Now that we’ve settled into our redesigned site and are no longer tripping over the furniture (who put that chair there?!), it’s time to heat up “Chatter.” Probably the coolest part of working on NewMusicBox (after the free concert tickets, of course) revolves around the heated yet friendly debates that Frank, Randy, and I fall into almost every day. Most of these conversations end up evolving into the stories and interviews you read here, but this week we’re taking the debate in a slightly different direction.
Perhaps before we go any further into this discussion, we should begin to define our terms. Principally, what is “importance” when it comes to music? How is it judged? Is it popularity, range of influence, intellectual brilliance? And who decides?
In the “Who Would Win: Tenney or Cobain?” game we’re playing at here, Cobain arguably wins by a landslide on the first two, and Rolling Stone and the Billboard charts decided. [I’ll leave any discussion as to the intellectual merits of dada lyrics and droning “hello” sixteen times as a chorus for later, but I am seduced by it.] Following Cobain’s suicide, the jury came back and confirmed:
Two days after Kurt Cobain’s body was found about 5,000 people gathered in Seattle for a candlelight vigil. The distraught crowd filled the air with profane chants, burnt their flannel shirts and fought with police. They also listened to a tape made by Cobain’s wife in which she read from his suicide note. Several distressed teenagers in the U.S. and Australia killed themselves.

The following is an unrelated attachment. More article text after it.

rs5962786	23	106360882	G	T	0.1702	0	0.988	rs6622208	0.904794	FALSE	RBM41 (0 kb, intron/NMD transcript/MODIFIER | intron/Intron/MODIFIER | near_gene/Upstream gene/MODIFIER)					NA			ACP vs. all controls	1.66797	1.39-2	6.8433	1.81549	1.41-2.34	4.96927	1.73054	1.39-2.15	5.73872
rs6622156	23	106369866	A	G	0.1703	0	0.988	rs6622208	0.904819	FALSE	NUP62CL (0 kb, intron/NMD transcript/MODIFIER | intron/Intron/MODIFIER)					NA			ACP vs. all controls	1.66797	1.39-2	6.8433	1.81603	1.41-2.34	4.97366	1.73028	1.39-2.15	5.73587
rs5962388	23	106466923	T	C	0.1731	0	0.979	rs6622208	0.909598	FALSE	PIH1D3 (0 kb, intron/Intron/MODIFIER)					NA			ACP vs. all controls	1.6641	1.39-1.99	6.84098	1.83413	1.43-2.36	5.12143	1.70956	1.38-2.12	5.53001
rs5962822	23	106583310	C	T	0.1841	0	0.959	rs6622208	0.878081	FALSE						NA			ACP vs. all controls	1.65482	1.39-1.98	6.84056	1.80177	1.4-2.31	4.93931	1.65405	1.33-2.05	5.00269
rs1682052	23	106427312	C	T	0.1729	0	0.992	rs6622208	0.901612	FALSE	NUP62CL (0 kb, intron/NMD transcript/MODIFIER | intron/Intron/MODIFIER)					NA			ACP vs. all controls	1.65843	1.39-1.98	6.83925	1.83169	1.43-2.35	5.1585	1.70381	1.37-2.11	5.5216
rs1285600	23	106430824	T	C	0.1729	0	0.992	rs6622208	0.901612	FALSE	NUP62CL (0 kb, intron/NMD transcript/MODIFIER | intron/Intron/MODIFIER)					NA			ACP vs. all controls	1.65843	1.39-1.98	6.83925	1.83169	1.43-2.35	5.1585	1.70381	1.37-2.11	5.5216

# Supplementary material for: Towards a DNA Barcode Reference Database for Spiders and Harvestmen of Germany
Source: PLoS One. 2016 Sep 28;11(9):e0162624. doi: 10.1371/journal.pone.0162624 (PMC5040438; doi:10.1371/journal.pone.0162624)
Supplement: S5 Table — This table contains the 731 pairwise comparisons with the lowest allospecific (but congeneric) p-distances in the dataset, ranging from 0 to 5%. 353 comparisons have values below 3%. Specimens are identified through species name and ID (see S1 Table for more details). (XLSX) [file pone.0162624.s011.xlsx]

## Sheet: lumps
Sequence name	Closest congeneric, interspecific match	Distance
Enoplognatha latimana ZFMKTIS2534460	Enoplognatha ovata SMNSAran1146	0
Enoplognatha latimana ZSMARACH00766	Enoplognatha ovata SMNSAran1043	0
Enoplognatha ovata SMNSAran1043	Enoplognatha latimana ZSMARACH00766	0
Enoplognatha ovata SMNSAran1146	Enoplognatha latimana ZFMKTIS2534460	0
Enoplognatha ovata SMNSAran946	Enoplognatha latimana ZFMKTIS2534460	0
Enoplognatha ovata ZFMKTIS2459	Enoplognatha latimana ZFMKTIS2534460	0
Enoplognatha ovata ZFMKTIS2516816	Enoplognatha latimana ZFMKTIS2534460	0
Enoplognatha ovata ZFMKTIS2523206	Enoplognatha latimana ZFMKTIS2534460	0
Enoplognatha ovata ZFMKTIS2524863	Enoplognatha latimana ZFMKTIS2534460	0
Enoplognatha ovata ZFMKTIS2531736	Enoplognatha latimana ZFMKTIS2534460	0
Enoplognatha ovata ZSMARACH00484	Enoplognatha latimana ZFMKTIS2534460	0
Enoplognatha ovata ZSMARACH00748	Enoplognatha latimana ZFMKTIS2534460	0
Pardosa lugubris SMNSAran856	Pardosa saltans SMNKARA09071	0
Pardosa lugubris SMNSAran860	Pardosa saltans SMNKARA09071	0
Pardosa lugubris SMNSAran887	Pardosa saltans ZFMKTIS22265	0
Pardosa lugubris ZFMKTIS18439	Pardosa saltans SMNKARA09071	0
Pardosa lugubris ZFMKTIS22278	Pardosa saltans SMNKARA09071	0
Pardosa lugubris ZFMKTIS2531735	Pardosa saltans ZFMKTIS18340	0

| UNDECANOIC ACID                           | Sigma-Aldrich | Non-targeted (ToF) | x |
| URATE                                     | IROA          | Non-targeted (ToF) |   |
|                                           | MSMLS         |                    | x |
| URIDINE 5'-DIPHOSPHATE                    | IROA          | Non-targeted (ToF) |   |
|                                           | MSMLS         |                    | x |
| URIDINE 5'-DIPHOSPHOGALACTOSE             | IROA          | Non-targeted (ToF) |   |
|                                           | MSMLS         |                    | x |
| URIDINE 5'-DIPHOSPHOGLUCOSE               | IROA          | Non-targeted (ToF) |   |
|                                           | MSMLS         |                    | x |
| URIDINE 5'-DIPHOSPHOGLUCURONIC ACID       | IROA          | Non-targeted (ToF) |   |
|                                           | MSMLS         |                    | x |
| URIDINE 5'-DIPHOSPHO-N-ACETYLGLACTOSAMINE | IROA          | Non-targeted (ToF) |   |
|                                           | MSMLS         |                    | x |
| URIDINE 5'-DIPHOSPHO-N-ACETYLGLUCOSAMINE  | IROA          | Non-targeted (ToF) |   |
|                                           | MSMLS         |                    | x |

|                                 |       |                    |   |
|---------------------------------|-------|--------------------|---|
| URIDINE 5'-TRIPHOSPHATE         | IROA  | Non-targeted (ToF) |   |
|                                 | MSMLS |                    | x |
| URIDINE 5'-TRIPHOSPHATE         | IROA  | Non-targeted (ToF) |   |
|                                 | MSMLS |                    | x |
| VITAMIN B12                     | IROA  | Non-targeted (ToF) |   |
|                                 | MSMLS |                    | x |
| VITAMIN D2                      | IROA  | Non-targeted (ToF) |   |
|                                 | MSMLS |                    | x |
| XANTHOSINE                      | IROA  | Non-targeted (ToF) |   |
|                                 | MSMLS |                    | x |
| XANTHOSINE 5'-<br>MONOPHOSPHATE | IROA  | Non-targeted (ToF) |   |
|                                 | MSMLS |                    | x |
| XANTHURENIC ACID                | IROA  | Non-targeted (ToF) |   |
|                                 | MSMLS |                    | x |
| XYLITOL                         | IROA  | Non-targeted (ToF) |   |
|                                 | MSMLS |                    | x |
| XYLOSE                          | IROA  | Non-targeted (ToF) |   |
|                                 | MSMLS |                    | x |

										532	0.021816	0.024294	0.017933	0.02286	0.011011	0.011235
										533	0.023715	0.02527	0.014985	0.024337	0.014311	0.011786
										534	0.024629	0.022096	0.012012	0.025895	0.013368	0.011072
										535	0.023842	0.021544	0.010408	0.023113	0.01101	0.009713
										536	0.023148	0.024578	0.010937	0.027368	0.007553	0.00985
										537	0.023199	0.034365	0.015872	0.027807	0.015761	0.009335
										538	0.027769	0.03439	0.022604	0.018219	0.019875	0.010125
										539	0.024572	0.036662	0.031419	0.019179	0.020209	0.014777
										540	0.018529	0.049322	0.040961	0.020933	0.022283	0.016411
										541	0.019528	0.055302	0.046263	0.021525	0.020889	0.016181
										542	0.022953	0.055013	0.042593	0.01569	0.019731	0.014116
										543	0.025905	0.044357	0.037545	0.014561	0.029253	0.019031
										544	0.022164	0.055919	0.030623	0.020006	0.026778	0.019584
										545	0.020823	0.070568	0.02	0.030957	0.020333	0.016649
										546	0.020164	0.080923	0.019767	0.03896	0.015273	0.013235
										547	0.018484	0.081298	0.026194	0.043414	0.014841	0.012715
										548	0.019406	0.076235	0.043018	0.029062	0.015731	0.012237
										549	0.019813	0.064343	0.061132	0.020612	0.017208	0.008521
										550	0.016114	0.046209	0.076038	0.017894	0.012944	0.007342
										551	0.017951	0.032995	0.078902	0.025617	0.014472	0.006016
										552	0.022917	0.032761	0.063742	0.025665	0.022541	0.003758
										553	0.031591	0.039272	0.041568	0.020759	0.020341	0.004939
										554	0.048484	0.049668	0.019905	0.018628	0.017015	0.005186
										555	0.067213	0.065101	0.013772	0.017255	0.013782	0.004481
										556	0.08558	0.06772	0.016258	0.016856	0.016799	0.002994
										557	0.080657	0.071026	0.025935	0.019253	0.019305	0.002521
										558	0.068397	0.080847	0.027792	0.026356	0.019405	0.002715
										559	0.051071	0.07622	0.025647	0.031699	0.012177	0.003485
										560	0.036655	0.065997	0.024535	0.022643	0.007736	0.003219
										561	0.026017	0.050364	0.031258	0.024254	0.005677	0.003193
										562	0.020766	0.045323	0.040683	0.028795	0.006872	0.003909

Clearly Cobain’s music was of great consequence to many ears. What most sticks out at me from Frank’s post, however, is his immediate move to look for this importance (or lack of) regarding “Smells Like Teen Spirit” in terms of its chord structure. I had a friend who would point ecstatically at the car radio when his favorite pop tunes came on and deconstruct them like a theory exercise. For me, it was a most disheartening scene to witness.
Cobain is not important because he achieved anything like a discernible tone row. But his “genius,” if you will, was in mesmerizing ears with intense lyrics and a tune that hooked deep. He is arguably an icon only because he was a suicide, but he was musically important because of his influence on an entire social strata and a line of influential bands that followed like Korn and Green Day. James Tenney is also an influence, but to a much more tightly defined demographic. It’s not all about the numbers, but if we’re speaking of “importance,” scope and depth must come into play at some point. In a way, it’s unfair. Cobain in many ways was just riding the tidal wave that picked him up, and Tenney has not placed himself in the way of one.
On a more micro level, musicians bring my ears different things. Tenney’s music brings me intellectual amusement on par with completing a crossword puzzle. Cobain’s takes me back to a high school friend’s basement and a whole world of memories. Which is more “important” on that level would be impossible for me to define—like trying to live with only your head or just your heart.